|Publication number||US7535402 B1|
|Application number||US 11/108,194|
|Publication date||May 19, 2009|
|Filing date||Apr 18, 2005|
|Priority date||Apr 19, 2004|
|Also published as||US7586438|
|Publication number||108194, 11108194, US 7535402 B1, US 7535402B1, US-B1-7535402, US7535402 B1, US7535402B1|
|Inventors||David G. Lawrence, Michael L. O'Connor|
|Original Assignee||Novariant, Inc.|
|Export Citation||BiBTeX, EndNote, RefMan|
|Patent Citations (27), Non-Patent Citations (7), Referenced by (3), Classifications (18), Legal Events (9)|
|External Links: USPTO, USPTO Assignment, Espacenet|
The present patent document claims the benefit of the filing date under 35 U.S.C. §119(e) of Provisional U.S. Patent Application Ser. No. 60/563,395, filed Apr. 19, 2004, which is hereby incorporated by reference.
Many DGPS corrections networks exist, including FAA WAAS, OmniStar, JPL, USCG Beacons, local commercial networks, local community cooperatives networks, and local government funded networks. In the above examples, the deployment and maintenance of the reference station hardware is funded in one of the following ways: the government, commercially (paid for by subscriptions from users), commercially (deployed to incentivize sales of roving units) or margins on roving units pay for reference network privately.
As satellite navigation and satellite communications both increase in use, there is significant value to be gained by combining these technologies into a single device. The inventors hereby disclose such a device.
The present invention is defined by the following claims, and nothing in this section should be taken as a limitation on those claims. Further aspects and advantages of the invention are discussed below in conjunction with the preferred embodiments.
The components and the FIGURES are not necessarily to scale, emphasis instead being placed upon illustrating the principles of the invention. Moreover, in the FIGURES, like reference numerals designate corresponding parts throughout the different views.
The navigation receiver is capable of determining the location of the antennas attached to it. It may be capable of tracking one or more of the following signal sources: GPS L1 signals, GPS L2 signals, GPS L5 signals, GLONASS signals, GALILEO signals, pseudolite signals at any frequency, synchrolite signals at any frequency. The receiver could track a number other signals, as should be very apparent to one skilled in the art upon reading this disclosure. The preferred embodiment for this device contains an IntegriNautics Quasar GPS L1+L2 receiver.
The satellite communication handset is capable of communicating with a satellite to transmit and receive data, such as navigation receiver correction data, location information, voice, or video. It may be an Iridium, Globalstar, or Inmarsat handset, or equivalent. The preferred embodiment for this device contains a Qualcomm Iridium handset.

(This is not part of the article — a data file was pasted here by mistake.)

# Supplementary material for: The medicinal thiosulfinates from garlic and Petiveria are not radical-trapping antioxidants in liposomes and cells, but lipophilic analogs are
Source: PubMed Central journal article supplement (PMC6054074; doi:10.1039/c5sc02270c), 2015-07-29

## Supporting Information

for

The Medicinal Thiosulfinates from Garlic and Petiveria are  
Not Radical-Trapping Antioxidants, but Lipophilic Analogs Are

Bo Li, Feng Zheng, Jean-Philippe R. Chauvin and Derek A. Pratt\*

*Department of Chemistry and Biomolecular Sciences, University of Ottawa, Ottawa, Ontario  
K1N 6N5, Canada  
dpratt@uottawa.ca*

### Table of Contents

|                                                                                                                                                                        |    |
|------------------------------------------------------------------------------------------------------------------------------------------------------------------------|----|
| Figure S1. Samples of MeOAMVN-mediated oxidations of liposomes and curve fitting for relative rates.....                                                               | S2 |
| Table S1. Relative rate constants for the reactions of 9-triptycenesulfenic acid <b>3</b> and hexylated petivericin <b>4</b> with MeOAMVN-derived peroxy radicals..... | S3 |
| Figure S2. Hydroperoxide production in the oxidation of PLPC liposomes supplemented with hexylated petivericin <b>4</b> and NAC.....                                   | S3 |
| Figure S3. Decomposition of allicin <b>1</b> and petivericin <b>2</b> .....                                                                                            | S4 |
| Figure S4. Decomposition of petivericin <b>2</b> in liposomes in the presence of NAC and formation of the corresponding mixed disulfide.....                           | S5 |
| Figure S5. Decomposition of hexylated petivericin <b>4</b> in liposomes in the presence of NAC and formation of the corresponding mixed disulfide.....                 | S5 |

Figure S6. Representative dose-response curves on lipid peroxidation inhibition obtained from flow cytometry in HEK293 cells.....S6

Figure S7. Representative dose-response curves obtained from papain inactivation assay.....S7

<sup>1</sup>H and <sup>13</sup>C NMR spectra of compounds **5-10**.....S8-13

The processor is capable of communicating with the navigation receiver and the satellite communication handset, and transferring data between them. The specific details of data transfer can be set by the software in the processor, or can potentially be controlled by users of the device. Such control may be performed through the other components of the system, such as a user communicating with the satellite communication handset, or by a direct connection to the processor. The processor may a computer, a microcontroller, or equivalent. The processor could be dedicated to this function, or it should be utilized to perform other functions as well. For example, it could be a part of either the navigation receiver or the satellite communication handset. In the preferred embodiment, it is an embedded Intel x86 computer in a PC-104 form factor.
The optional radio transceiver can be used to transmit or receive messages through a wireless connection with other devices. It could be a radio modem, cellular telephone, “wi-fi”-type wireless communication system, or equivalent. The preferred embodiment for this device contains a Freewave 900 MHz band radio modem, which communicates GPS differential corrections to users who require such signals for improved system accuracy or integrity.
The optional land based data connection can be used to transmit or receive messages to other devices. As an example, it could be an internet connection through a modem, DSL, cable modem, ISDN line, fiber optic line, or equivalent. As another example, it could also be a direct modem connection.
Means for Using a Device Comprising a Navigation Receiver and a Satellite Communication Handset:
One means for using the device described above is to use it as a differential navigation reference station. The device collects navigation measurements, and communicates these measurements to other users of the same navigation signals, or to a central control station which processes these measurements and then transmits them to other users.
Such reference stations are typically either “Local Area” reference stations, or “Wide Area” reference stations. Local Area reference stations use a radio transmitter or radio transceiver to send corrections directly to other users. Wide Area reference stations use a land-based data connection to send corrections to a central control station. This central control station processes the data, and this processed data is transmitted to the entire wide area.